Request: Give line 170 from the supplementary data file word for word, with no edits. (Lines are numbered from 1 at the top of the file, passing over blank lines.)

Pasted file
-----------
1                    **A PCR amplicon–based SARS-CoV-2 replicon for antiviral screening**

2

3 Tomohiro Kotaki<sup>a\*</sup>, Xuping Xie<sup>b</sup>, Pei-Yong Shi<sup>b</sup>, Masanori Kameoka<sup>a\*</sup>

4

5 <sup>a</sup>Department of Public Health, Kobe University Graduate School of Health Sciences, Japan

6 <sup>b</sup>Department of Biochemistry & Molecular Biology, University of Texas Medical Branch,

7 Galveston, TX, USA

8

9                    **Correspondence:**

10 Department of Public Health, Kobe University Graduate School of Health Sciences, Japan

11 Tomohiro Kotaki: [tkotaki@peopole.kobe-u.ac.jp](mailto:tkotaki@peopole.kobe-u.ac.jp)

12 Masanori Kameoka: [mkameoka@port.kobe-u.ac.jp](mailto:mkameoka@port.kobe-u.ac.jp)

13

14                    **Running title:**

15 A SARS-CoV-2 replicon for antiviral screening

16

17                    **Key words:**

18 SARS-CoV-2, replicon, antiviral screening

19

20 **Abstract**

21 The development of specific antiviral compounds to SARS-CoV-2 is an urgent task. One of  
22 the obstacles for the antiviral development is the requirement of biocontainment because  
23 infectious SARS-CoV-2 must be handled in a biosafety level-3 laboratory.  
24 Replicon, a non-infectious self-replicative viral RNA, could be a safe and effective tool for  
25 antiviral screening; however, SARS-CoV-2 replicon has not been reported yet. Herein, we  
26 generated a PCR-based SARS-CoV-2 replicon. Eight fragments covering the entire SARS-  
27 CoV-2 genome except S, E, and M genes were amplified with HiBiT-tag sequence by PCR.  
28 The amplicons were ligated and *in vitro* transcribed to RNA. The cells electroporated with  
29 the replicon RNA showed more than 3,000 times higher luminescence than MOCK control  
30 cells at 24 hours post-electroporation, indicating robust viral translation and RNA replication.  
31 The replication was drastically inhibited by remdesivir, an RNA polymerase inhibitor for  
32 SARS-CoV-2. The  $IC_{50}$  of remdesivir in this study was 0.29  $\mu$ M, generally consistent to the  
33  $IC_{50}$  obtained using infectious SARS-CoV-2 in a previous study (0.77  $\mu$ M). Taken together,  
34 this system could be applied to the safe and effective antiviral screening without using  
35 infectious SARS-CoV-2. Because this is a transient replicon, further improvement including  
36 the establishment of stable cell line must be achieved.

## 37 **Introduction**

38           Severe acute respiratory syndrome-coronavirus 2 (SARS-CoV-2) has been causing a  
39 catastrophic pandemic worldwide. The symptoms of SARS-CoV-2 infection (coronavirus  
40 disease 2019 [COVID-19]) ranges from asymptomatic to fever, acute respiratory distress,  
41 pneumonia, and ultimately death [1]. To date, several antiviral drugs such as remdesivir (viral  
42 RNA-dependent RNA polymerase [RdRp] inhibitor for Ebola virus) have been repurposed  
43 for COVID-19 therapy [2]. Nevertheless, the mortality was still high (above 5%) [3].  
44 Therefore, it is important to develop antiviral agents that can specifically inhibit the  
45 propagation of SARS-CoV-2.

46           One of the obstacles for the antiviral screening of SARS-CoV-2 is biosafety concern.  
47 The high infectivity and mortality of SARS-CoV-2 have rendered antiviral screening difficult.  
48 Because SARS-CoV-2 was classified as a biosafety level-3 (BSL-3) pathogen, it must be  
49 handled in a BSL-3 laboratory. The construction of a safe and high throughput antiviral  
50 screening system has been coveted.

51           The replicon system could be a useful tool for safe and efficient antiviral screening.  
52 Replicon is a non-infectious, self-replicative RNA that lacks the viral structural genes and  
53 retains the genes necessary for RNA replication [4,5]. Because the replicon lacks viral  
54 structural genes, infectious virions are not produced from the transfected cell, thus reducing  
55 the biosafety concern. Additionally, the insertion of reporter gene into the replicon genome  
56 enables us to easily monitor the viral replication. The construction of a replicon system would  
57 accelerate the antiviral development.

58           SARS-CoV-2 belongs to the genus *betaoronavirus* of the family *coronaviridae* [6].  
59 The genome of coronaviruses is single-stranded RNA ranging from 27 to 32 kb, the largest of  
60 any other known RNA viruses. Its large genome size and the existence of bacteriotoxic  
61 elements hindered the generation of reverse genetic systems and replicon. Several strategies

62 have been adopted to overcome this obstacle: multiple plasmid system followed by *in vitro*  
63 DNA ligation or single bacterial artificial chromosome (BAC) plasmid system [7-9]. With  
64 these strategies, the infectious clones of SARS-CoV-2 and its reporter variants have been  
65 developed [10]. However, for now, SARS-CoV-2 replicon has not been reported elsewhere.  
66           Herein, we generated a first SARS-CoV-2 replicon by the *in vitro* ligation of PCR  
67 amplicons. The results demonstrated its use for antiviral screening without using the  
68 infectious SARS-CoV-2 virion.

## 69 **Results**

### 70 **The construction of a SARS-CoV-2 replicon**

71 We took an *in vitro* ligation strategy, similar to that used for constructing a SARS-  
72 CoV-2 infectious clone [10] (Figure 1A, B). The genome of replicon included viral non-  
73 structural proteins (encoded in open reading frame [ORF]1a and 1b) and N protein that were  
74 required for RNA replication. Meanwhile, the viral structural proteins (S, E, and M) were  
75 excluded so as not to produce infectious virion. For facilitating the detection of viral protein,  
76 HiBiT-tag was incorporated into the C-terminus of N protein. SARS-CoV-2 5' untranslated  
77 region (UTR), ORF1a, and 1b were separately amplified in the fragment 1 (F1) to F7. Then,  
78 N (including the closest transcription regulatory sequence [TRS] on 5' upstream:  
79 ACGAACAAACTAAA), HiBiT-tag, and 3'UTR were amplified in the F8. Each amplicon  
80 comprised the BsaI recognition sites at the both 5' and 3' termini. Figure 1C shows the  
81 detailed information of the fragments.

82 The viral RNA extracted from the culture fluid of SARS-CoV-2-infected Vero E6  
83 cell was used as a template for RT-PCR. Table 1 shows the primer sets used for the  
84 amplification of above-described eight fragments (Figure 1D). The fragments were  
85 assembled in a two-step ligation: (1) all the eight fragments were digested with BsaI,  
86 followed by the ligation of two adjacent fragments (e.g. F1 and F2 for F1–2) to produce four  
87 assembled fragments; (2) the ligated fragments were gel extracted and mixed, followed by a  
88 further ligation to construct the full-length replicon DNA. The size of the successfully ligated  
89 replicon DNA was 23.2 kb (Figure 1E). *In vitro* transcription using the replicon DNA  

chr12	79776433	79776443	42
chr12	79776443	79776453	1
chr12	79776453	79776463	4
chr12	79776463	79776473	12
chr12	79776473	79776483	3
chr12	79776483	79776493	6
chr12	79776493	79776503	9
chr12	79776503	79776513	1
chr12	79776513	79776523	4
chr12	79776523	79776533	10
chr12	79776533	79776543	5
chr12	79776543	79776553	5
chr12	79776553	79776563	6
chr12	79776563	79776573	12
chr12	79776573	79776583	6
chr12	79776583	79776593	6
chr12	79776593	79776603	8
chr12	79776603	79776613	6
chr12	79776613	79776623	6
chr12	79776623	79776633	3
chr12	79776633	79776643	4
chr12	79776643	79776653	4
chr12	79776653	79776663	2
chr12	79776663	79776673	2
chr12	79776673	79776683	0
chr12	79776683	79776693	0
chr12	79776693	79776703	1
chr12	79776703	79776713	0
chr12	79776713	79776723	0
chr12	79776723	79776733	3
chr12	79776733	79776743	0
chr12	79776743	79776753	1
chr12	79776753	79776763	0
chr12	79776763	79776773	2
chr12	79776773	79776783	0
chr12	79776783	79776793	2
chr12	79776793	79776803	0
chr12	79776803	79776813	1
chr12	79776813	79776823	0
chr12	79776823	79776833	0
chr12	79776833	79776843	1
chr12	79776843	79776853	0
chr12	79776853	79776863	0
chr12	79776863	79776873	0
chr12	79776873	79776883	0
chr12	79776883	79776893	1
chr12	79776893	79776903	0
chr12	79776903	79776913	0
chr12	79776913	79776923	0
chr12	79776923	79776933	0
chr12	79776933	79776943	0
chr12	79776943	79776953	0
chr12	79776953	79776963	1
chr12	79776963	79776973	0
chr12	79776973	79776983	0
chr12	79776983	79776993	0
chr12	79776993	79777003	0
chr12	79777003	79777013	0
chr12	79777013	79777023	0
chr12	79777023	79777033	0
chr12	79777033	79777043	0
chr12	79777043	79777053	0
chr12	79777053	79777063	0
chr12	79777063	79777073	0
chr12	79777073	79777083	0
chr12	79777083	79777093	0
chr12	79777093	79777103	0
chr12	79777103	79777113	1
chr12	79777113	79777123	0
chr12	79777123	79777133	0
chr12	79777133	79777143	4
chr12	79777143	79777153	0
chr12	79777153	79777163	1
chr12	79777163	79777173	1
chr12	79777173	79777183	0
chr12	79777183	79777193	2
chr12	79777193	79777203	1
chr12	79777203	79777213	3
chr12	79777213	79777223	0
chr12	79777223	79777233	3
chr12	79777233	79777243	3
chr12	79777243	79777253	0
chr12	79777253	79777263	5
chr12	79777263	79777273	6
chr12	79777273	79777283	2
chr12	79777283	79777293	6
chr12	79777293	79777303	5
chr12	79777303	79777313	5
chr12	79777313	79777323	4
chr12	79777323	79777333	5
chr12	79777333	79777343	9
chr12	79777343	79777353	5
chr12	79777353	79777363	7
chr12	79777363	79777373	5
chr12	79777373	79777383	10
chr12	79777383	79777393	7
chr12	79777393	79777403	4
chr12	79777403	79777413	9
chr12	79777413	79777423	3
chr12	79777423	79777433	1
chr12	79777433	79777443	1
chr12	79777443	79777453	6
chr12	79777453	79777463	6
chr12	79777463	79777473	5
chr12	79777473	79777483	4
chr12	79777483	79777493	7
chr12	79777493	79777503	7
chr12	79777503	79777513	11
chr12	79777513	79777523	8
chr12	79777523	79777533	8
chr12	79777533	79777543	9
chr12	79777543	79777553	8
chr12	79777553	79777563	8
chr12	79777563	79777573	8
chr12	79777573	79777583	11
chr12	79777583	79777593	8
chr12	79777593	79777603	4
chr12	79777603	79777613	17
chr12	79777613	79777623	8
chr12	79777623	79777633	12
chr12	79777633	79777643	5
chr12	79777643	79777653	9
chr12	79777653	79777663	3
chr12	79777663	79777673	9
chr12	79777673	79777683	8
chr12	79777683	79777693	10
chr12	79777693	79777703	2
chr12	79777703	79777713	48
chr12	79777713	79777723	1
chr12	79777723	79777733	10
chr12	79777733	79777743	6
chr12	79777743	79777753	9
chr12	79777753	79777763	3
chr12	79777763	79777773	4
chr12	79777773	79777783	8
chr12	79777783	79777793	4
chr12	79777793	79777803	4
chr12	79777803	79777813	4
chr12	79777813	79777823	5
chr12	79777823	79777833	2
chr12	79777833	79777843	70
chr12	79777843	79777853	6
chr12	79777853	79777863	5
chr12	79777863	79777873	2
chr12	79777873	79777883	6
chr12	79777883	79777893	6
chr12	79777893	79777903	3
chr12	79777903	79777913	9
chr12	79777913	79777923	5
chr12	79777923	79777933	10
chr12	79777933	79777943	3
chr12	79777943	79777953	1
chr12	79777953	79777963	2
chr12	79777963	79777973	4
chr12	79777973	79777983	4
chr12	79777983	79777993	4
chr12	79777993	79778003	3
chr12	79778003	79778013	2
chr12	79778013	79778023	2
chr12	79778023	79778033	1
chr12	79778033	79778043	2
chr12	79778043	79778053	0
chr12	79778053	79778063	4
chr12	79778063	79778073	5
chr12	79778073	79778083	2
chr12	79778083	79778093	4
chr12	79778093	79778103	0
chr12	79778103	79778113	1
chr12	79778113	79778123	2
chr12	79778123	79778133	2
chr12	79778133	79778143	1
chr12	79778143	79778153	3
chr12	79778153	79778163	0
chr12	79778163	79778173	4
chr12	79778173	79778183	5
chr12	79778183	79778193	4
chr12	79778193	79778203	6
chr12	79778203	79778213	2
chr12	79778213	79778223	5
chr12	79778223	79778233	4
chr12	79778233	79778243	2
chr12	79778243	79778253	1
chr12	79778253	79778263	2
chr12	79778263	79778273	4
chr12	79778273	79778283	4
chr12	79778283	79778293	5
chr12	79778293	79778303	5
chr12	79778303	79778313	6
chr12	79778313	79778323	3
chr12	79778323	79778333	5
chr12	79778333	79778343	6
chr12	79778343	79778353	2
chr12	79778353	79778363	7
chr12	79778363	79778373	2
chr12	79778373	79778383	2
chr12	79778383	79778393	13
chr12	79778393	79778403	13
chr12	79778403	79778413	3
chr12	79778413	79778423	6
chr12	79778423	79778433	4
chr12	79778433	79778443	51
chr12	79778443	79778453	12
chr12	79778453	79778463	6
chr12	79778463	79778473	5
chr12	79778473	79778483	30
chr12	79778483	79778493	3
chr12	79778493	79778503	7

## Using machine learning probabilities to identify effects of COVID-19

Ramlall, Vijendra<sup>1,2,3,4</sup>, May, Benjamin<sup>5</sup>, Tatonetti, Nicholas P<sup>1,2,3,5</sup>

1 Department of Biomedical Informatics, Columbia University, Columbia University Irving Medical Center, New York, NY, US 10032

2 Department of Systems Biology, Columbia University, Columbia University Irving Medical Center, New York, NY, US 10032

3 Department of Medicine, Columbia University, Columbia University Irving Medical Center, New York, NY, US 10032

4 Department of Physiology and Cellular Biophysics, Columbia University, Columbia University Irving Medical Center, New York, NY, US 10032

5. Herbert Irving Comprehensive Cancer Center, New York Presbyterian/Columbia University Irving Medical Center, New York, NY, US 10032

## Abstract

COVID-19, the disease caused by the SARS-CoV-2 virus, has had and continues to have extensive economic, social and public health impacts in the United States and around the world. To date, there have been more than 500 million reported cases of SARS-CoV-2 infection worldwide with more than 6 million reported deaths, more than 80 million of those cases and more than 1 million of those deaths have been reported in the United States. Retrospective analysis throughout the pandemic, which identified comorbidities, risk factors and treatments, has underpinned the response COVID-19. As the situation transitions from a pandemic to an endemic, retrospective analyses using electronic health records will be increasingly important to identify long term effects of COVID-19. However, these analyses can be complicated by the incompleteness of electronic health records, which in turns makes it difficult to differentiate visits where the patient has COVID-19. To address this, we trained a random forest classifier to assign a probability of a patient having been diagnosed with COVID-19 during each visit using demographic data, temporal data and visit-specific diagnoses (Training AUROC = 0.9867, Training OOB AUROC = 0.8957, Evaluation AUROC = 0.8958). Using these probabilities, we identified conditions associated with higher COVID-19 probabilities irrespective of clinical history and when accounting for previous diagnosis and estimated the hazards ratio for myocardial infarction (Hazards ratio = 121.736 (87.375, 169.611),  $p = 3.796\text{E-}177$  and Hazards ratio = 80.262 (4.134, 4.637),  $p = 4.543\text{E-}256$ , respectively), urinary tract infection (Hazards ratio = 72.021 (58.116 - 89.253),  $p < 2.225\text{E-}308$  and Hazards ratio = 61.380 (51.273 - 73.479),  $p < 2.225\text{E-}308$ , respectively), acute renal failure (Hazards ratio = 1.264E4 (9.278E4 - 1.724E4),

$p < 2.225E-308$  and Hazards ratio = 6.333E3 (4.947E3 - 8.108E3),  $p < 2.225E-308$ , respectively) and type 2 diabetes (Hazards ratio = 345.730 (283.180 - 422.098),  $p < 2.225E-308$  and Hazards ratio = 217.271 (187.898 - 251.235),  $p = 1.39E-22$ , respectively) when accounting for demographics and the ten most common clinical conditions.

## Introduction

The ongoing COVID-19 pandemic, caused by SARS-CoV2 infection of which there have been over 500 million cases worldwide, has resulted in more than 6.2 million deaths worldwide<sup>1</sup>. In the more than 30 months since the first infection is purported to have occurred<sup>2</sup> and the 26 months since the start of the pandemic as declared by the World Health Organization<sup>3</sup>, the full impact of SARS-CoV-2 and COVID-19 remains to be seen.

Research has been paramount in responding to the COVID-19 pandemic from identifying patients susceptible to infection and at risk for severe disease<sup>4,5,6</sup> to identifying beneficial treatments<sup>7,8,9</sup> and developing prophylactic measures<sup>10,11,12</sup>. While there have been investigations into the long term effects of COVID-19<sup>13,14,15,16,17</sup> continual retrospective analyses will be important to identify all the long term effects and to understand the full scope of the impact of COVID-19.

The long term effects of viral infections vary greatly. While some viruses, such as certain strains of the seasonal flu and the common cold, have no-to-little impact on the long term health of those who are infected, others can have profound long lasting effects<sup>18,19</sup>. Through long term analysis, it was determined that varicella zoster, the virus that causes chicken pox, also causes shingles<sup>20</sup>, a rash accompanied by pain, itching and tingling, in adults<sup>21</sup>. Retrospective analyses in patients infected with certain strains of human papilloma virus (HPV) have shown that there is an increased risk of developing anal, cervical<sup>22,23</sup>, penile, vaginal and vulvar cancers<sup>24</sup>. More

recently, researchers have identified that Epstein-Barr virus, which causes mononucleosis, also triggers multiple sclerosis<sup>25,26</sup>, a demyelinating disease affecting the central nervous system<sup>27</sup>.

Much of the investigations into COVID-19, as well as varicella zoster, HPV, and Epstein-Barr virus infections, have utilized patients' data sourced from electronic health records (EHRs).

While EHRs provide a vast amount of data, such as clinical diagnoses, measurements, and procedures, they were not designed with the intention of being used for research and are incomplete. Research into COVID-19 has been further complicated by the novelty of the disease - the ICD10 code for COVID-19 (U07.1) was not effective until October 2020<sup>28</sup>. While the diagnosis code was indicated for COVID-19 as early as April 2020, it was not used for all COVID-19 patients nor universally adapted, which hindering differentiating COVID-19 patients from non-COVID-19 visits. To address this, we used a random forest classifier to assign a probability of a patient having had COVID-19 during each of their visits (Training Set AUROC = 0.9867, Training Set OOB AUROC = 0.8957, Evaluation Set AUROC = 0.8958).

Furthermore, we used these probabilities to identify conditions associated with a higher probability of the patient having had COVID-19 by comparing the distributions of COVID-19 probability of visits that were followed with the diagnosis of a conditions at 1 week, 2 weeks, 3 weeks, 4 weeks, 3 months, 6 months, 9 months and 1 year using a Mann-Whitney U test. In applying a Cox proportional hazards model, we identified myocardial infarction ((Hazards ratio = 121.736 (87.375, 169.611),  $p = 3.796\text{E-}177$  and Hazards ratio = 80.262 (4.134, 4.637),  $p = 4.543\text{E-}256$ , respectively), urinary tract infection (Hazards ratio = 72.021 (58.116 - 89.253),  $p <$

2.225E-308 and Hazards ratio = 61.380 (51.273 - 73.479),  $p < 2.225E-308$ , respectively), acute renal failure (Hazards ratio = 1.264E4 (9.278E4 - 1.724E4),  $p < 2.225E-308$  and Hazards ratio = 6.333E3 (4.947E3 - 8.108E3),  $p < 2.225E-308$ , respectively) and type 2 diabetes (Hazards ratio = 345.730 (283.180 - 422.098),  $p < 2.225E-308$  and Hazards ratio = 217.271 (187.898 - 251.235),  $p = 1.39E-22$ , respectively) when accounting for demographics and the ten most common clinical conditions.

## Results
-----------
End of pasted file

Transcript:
chr12	79777233	79777243	3